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With every plan Treasury Secretary Paulson has come up with to instill confidence in financial markets, the costs climb higher and market confidence drops lower. Paulson originally believed he could instill market confidence by injecting selective moral hazard into companies that he believed needed to be marginally saved to stave off a greater collapse in financial markets. In the Paulson doctrine of moral hazard, certain company stakeholders have gotten severely punished while others have not (and have actually made money off of moral hazard).

In the Fed’s $29 billion loan to facilitate JPMorgan’s (NYSE:JPM) purchase of Bear Stearns, common shareholders were virtually wiped out while preferreds and debt holders were protected. The government’s 79.9% equity stake in their conservatorship of Fannie Mae (FNM) and Freddie Mac (FRE), severely diluted common shareholders, preferred shareholders lost their dividend, yet bond and subordinated debt holders were protected. One of the most vocal lobbyists urging government takeover of Fannie and Freddie along with inflicting moral hazard on the shareholders was PIMCO, who made $1.7 billion on September 8 as a result of the government’s quasi-nationalization. Ironically, PIMCO’s call for moral hazard came back to bite them in the bankruptcy of Lehman Brothers.

It is still unknown how much the Fannie and Freddie conservatorship will ultimately cost the government. Quasi-nationalization has failed to instill confidence in foreign investors, and it had only a temporary effect on reducing mortgage interest rates. For all of Paulson’s talk about “protecting the taxpayers,” his ideological need to inflict selective moral hazard on Fannie and Freddie is going to cost taxpayers at least $3 billion. As I pointed out in a previous post, GSE shares are widely held by pension funds and retirees because of the implied government guarantee and the large dividends paid out by their preferred shares. The dividends are particularly important to retirees on fixed income in an environment of low interest rates and rising inflation.

Banks also own GSE shares. In fact, GSE preferreds were about the only shares the government permitted community banks to own. According to the Independent Community Bankers of America, about 800 of its members owned about $16 billion of Fannie and Freddie preferreds. In a September 22 letter to Paulson, American Bankers Association President & CEO Edward Yingling points out that nearly 27% of banks hold preferred shares. He estimates the banking industry’s total GSE exposure to be between $10 and $15 billion.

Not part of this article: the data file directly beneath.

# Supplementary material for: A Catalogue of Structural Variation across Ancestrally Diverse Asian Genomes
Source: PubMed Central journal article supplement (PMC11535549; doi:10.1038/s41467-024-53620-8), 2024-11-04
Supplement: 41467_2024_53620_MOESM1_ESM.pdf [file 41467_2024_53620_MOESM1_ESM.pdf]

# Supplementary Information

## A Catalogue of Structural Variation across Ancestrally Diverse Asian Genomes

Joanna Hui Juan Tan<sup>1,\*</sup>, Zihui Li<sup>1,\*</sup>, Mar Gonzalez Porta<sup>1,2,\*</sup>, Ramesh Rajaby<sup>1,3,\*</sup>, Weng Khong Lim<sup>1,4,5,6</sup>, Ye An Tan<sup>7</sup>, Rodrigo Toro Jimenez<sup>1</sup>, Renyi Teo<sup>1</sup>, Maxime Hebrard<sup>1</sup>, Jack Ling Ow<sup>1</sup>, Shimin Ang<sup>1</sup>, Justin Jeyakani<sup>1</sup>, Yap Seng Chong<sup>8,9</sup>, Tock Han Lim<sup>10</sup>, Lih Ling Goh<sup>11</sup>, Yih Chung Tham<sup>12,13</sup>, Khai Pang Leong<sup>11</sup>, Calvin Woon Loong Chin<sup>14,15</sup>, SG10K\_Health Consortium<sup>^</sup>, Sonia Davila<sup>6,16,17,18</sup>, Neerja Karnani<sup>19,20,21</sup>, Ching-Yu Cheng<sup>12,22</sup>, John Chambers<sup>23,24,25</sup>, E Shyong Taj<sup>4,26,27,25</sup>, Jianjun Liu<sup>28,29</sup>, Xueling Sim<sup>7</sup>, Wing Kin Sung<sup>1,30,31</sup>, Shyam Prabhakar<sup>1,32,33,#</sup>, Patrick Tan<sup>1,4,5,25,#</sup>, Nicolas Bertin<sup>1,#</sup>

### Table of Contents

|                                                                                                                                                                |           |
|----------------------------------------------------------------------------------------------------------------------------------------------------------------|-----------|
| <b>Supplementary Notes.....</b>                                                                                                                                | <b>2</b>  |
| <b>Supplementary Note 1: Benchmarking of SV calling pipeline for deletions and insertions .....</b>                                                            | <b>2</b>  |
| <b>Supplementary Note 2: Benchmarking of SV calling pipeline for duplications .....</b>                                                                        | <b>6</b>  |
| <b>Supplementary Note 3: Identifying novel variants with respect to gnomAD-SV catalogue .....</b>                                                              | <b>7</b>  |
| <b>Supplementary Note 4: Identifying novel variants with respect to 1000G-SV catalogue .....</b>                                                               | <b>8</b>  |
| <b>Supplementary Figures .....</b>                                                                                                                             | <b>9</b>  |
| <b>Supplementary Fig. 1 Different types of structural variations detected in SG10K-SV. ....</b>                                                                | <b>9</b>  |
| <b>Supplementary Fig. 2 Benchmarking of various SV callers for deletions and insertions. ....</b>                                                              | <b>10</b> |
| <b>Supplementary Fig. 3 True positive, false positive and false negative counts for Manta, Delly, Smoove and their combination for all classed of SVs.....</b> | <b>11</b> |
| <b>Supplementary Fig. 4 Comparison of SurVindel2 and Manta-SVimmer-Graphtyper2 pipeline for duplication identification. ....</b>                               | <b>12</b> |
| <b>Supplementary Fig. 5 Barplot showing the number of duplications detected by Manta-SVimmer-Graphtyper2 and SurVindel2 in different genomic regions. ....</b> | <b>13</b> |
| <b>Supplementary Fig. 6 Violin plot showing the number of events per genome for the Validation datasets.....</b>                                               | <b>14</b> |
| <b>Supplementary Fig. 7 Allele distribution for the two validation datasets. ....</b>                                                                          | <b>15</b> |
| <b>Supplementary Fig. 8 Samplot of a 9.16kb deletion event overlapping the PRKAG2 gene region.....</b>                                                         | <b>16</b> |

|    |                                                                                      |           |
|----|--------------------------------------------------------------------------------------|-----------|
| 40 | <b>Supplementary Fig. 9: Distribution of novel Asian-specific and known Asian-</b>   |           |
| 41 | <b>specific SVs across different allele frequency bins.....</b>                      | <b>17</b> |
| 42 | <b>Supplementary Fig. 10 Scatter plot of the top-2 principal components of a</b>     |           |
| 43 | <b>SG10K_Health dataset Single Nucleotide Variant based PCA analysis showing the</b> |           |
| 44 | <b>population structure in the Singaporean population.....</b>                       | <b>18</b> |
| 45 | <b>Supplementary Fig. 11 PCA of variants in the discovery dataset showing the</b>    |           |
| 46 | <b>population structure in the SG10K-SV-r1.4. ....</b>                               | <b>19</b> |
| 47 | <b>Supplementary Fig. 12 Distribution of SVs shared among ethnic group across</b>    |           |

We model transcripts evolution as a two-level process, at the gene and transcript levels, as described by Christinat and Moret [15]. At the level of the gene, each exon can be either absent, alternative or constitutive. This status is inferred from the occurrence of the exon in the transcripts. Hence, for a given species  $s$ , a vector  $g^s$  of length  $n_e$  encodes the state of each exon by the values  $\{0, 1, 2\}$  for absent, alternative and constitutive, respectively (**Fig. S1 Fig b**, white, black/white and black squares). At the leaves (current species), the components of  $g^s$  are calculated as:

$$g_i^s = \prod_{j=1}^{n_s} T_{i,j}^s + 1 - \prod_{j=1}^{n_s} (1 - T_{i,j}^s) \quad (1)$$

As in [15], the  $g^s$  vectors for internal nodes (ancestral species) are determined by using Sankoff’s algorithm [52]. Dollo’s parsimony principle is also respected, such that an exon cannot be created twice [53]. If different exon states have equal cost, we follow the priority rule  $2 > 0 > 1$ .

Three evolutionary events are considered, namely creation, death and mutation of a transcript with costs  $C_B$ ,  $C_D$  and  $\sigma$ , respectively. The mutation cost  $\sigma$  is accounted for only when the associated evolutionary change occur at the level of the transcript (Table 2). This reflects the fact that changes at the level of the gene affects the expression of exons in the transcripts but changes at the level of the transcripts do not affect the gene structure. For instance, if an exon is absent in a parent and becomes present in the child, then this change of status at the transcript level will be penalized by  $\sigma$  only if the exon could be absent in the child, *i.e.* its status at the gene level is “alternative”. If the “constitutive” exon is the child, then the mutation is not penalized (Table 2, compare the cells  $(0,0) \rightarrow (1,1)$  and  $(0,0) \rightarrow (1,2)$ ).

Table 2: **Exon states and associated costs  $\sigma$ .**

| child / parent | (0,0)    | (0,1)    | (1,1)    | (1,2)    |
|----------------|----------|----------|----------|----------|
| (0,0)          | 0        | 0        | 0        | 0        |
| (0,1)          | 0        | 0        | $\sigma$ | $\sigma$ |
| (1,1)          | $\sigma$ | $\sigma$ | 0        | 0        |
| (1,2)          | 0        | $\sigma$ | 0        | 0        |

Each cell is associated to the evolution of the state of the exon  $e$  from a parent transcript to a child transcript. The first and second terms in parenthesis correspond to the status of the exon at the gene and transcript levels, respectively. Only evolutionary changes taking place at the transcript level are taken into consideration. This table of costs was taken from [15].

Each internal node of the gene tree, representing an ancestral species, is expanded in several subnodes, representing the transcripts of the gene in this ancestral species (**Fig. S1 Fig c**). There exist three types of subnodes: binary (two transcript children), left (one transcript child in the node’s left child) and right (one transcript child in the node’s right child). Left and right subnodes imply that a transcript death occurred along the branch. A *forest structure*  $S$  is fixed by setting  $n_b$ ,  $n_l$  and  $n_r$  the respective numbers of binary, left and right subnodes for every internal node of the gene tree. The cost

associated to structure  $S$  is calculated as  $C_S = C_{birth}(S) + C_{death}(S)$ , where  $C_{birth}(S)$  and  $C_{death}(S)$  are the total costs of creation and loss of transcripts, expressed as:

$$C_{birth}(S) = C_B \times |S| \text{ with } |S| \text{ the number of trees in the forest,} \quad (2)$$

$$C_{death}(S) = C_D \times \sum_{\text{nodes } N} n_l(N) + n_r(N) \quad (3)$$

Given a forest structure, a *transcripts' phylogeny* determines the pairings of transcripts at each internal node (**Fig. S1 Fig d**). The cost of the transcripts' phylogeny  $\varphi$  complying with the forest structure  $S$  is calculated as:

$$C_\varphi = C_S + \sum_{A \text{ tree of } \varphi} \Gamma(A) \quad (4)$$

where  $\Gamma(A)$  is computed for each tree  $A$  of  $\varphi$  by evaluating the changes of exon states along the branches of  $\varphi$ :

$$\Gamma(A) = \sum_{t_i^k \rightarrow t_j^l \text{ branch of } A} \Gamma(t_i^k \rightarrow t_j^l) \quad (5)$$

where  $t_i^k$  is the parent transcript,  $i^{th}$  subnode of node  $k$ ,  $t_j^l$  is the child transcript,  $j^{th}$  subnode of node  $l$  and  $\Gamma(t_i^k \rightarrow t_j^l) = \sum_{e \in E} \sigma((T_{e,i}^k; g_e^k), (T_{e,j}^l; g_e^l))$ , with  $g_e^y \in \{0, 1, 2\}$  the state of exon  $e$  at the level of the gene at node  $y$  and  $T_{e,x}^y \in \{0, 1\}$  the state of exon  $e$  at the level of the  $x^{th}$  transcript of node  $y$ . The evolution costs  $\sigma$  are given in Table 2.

Paulson’s action to wipe out GSE preferred dividends is creating the very problem he claims he is trying to avert by demanding Congress approve his $700 billion plan to buy “distressed assets” from financial institutions. Paulson argues that if the government buys these distressed assets, financial institutions will have more capital to lend to businesses and consumers – Main St. But as Mr. Yingling points out in his letter, banks’ reduction of capital from not receiving GSE dividends is limiting their capital and therefore their ability to lend to Main St. Community banks are the heart of Main St. lending, and they own the largest amount of GSE preferred shares. Mr. Yingling states that every $1 of bank capital supports $7.6 dollars of lending; Paulson’s GSE action could result in a decline in bank lending between $76 and $114 billion!

The Wall Street Journal reports that Congress is considering special tax relief for banks that own GSE preferred shares, estimated to cost the government at least $3 billion. Congress needs to approve a special provision since current tax law does not permit banks to deduct the losses on their GSE shares except as “capital losses.” With few banks having capital gains in this economic environment, banks are requesting that Congress allow them to record their loss as an “ordinary loss.”

The underlying resistance to Paulson’s latest and most expensive attempt to unlock financial markets comes down to what Fed Chairman Bernanke yesterday referred to as “market psychology.” Congress and Main St. are annoyed that Paulson is spending government money on silver bullets that never reach their intended target. Now that his gun has run out of bullets, he’s trying to scare America into giving him a nuclear warhead.

Disclosure: Long FRE and JPM

Source: Negative Return on Investment on Paulson’s Moral Hazard